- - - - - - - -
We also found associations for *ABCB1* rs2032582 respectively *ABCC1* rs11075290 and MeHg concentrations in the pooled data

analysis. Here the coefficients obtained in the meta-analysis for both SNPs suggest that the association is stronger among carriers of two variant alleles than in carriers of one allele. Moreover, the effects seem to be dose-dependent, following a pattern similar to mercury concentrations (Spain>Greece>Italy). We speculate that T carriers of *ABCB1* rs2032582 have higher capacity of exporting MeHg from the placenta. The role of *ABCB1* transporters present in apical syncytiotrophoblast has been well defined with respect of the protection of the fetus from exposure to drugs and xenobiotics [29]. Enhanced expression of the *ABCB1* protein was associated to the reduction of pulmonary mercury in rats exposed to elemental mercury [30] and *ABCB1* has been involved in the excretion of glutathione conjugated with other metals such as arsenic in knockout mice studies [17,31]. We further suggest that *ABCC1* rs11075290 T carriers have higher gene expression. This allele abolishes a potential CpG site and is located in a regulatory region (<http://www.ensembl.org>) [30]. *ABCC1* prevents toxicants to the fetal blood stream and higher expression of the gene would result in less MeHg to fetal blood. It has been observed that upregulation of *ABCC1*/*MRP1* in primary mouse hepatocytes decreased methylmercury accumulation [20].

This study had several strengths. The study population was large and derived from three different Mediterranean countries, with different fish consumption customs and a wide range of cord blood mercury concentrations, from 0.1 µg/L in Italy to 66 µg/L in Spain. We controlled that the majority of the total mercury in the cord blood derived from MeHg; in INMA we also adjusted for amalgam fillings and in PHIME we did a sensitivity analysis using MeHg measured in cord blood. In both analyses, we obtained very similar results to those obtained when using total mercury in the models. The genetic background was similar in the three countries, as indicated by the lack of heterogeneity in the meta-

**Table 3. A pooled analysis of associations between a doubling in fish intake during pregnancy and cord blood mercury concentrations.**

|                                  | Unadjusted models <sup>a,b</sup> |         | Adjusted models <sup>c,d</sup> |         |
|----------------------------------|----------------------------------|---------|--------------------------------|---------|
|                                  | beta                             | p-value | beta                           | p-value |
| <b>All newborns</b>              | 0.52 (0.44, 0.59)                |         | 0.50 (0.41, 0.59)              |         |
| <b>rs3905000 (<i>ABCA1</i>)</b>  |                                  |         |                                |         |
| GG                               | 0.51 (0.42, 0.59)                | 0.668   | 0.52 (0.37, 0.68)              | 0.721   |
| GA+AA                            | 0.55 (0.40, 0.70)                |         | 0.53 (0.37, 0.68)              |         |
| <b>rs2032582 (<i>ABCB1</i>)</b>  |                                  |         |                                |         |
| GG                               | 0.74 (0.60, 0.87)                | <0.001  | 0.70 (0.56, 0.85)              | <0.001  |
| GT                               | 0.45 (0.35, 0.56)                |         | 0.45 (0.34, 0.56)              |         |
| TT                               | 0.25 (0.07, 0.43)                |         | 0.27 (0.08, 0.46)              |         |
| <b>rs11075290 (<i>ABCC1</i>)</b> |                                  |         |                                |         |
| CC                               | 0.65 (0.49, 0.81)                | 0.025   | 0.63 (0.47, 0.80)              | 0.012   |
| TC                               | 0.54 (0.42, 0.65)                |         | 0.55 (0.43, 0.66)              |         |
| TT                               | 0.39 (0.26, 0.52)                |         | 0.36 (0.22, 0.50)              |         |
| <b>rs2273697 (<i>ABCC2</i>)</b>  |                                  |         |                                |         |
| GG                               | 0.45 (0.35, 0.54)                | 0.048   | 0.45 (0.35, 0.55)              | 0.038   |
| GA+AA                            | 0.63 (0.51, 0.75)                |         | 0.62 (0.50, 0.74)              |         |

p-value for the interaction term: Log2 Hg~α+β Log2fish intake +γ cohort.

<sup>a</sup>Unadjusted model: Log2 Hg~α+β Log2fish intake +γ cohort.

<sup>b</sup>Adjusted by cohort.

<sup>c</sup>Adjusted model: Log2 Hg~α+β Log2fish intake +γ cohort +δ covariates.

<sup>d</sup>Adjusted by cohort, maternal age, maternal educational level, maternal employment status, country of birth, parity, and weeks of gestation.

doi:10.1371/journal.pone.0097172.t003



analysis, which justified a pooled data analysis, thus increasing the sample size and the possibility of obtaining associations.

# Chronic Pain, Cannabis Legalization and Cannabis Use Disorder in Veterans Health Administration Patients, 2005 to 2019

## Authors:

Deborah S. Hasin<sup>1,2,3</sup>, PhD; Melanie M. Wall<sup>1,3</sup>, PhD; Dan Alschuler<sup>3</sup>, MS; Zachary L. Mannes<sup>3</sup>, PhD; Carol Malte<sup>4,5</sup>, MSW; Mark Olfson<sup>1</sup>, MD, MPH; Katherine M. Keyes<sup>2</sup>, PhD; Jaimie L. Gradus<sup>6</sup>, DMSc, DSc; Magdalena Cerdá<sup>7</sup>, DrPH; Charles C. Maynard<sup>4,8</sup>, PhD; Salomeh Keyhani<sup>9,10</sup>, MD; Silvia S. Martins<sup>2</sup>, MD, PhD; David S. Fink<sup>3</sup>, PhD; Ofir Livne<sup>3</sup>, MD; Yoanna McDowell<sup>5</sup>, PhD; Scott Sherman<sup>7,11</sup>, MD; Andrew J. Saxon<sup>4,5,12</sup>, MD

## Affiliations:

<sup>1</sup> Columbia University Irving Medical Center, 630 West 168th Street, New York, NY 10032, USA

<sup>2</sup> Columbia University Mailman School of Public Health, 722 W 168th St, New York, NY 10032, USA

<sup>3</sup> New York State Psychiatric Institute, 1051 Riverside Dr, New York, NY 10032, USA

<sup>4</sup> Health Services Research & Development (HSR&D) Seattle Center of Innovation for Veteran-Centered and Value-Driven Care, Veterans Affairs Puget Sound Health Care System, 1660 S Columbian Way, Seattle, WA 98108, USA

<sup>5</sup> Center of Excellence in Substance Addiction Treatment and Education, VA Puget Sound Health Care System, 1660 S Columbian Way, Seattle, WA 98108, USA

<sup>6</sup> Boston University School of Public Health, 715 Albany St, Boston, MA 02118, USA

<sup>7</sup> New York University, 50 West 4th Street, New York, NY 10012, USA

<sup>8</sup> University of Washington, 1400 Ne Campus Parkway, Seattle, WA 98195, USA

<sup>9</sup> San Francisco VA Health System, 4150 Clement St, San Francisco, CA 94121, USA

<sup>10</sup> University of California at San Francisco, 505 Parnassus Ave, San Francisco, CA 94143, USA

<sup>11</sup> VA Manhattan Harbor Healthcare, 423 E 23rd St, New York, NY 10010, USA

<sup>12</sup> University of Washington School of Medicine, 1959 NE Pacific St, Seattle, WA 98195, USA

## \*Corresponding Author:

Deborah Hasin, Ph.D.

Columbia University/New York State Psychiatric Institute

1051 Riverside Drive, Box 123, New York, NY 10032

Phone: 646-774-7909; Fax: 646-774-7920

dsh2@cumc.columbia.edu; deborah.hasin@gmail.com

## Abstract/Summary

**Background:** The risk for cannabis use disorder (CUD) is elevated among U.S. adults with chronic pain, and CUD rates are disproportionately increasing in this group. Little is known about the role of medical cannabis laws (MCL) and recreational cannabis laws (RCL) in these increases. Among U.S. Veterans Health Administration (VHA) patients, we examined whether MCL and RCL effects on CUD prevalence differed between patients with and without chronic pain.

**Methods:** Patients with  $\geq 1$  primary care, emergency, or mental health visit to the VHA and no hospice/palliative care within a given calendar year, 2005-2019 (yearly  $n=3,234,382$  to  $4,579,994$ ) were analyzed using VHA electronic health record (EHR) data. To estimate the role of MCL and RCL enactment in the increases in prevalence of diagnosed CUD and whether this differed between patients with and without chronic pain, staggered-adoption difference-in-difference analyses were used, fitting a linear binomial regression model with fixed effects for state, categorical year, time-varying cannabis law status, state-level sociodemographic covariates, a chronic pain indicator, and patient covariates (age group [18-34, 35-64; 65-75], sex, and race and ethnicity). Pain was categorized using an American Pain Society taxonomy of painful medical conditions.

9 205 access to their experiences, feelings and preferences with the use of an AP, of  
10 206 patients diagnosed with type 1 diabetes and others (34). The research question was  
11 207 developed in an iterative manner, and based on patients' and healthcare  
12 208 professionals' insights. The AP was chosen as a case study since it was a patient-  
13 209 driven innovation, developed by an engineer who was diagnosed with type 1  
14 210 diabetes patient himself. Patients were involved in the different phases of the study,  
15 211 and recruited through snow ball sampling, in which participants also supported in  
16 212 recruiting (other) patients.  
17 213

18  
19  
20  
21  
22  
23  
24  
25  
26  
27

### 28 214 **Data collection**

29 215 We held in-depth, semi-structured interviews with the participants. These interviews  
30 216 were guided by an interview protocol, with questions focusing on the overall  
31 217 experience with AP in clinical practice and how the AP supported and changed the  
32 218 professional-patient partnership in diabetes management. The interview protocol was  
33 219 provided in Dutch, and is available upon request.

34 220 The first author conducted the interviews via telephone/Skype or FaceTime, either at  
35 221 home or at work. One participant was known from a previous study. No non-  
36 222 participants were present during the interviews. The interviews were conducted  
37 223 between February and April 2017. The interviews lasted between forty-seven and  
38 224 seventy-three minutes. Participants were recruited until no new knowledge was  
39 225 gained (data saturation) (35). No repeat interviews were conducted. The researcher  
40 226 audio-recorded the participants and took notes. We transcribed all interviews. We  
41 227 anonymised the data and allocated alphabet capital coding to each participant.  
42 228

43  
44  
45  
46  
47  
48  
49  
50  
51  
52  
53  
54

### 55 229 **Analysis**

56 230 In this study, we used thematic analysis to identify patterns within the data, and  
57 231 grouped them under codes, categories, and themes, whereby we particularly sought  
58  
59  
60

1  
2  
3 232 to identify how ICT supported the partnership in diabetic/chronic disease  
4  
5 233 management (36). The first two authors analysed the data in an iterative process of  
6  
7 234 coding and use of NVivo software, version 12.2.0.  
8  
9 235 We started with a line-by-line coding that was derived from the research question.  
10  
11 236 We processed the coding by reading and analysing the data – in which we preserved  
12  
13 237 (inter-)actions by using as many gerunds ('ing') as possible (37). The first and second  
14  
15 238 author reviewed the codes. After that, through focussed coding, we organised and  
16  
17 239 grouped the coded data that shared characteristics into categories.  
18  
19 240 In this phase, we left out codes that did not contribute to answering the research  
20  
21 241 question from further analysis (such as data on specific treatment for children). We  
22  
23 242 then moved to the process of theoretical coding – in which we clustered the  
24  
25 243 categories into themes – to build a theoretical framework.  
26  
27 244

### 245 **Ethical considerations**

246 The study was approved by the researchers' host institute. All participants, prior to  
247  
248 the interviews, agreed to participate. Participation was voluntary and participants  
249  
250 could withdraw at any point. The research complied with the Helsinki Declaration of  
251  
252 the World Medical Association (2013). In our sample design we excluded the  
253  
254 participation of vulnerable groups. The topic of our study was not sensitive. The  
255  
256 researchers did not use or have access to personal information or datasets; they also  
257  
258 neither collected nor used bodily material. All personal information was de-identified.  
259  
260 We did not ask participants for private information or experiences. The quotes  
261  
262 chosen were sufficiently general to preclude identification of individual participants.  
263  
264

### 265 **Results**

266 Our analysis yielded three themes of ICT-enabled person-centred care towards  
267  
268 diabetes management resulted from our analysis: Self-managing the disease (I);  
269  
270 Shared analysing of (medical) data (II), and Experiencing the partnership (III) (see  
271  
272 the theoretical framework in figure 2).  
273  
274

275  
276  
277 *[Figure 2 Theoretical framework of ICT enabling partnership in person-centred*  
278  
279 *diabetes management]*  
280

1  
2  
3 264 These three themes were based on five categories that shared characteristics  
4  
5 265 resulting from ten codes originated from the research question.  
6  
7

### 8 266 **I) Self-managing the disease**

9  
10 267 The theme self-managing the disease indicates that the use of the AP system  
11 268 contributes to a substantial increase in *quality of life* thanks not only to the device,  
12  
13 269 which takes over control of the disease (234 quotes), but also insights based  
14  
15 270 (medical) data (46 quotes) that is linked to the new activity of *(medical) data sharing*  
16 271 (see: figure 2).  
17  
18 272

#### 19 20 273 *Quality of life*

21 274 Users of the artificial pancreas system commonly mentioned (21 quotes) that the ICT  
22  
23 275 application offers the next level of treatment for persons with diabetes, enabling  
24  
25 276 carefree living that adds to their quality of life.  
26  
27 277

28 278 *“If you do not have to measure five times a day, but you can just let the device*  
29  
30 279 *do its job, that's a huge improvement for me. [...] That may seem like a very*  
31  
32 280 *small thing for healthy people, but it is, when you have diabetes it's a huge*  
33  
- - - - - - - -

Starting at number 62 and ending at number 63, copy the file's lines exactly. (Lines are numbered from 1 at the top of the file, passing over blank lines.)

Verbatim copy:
16 212 recruiting (other) patients.  
17 213